16-year-old Iraqi Sarah Sameen Yasen explains, "Every girl and every woman stays away from sports because of security issues.  I want to prove to the others that this is not a reason to stay away from sports." 17-year-old Afiaa Kareem Taresh Chnani states, "That's why I'm here, because I want to learn how to be able to teach. I learned new skills, new exercises, new techniques I can take back with me to my home country and implement them so my other teammates who are still in Iraq can benefit from the skills that I've learned here in the States."

Read more here:

From soccer to football, last night Gen Ray Odierno was honored with the National Football Foundation's Distinguished American Award.  The former top US commander in Iraq (fall 2008 to fall 2010) appeared today on Fox & Friends (link is video).

Brian Kilmeade:  If you had a residual force, do you believe things would be better in Iraq?

Gen Ray Odierno:  I think -- It's hard to say.  I think it probably would have been if we were allowed to have a residual force.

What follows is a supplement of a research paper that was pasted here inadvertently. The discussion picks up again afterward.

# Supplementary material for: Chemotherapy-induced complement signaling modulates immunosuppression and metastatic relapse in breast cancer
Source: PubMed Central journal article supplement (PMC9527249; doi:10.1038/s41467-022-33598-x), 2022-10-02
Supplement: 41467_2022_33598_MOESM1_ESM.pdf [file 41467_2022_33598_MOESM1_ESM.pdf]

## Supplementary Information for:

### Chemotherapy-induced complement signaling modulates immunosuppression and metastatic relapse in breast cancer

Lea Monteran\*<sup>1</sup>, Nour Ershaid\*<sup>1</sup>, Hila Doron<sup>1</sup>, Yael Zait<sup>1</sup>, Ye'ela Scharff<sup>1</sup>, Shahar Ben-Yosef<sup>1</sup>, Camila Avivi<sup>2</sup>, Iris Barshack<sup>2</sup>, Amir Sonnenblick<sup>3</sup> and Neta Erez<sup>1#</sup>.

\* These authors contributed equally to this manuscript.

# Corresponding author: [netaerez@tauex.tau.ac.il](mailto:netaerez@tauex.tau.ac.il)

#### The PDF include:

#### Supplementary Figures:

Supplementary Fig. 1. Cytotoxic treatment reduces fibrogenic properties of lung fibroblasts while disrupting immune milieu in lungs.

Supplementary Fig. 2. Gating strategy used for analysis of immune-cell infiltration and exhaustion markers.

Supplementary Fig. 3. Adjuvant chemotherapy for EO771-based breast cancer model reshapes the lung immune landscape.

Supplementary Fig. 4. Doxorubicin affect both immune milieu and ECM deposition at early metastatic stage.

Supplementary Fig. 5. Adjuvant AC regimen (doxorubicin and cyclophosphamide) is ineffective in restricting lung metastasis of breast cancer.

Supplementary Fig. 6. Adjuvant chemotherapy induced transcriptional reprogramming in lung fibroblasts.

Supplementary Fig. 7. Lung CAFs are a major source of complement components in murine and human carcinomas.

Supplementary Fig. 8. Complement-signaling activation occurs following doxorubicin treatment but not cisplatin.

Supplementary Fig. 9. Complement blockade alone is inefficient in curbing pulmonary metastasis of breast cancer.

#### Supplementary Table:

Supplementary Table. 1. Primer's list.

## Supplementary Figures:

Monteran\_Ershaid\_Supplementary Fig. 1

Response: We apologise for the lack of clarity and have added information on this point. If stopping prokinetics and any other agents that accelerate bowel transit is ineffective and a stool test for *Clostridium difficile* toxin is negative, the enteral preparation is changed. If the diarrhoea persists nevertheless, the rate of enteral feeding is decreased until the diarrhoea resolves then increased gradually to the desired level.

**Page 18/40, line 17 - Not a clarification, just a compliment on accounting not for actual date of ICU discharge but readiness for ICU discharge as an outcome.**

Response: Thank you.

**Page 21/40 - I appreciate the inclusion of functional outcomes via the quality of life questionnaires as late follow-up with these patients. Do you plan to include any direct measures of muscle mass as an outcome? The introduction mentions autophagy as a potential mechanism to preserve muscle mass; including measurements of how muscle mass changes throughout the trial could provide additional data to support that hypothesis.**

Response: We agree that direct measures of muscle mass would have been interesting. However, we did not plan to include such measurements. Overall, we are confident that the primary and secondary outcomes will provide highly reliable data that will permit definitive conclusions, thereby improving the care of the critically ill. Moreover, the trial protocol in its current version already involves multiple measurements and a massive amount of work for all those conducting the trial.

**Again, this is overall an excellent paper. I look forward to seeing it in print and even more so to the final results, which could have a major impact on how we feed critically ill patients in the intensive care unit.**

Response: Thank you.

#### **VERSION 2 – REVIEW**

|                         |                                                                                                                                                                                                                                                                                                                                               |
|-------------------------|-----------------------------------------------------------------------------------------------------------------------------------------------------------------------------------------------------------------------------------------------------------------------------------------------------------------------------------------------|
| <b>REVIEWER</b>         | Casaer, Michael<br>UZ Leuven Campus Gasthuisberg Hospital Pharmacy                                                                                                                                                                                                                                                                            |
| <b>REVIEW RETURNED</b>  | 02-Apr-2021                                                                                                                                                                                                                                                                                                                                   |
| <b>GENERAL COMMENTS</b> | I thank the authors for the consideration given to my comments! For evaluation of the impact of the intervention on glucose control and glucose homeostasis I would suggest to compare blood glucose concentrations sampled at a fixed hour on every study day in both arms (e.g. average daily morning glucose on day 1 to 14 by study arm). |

Brian Kilmeade:  Does it -- does it hurt you because you spent so much of your life there and know so many people who lost their lives there.  Your own son [Capt Tony Odierno]  lost an arm there.  Does it disturb you to see where it is right now?

Gen Ray Odierno:  Well I just think -- I haven't give up hope yet.  And maybe that's reaching a little bit.  But it is -- it is concerting to see the violence at the levels it's been and how it's grown throughout the year and it's really because of political disagreement and mistrust between the parties in Iraq, the fact that they simply don't trust themselves and they can't get to agreement and so it's allowing others to exploit this and it's increasing the violence.  And it really is difficult to watch.  

National Iraqi News Agency reports that attorney Naser Ali al-Atabi was assassinated in Kut. Monday a Mosul sticky bombing killed a lawyer and left his brother injured. Yesterday  1 attorney was shot dead today in Mosul.  That's three attorneys assassinated in three days.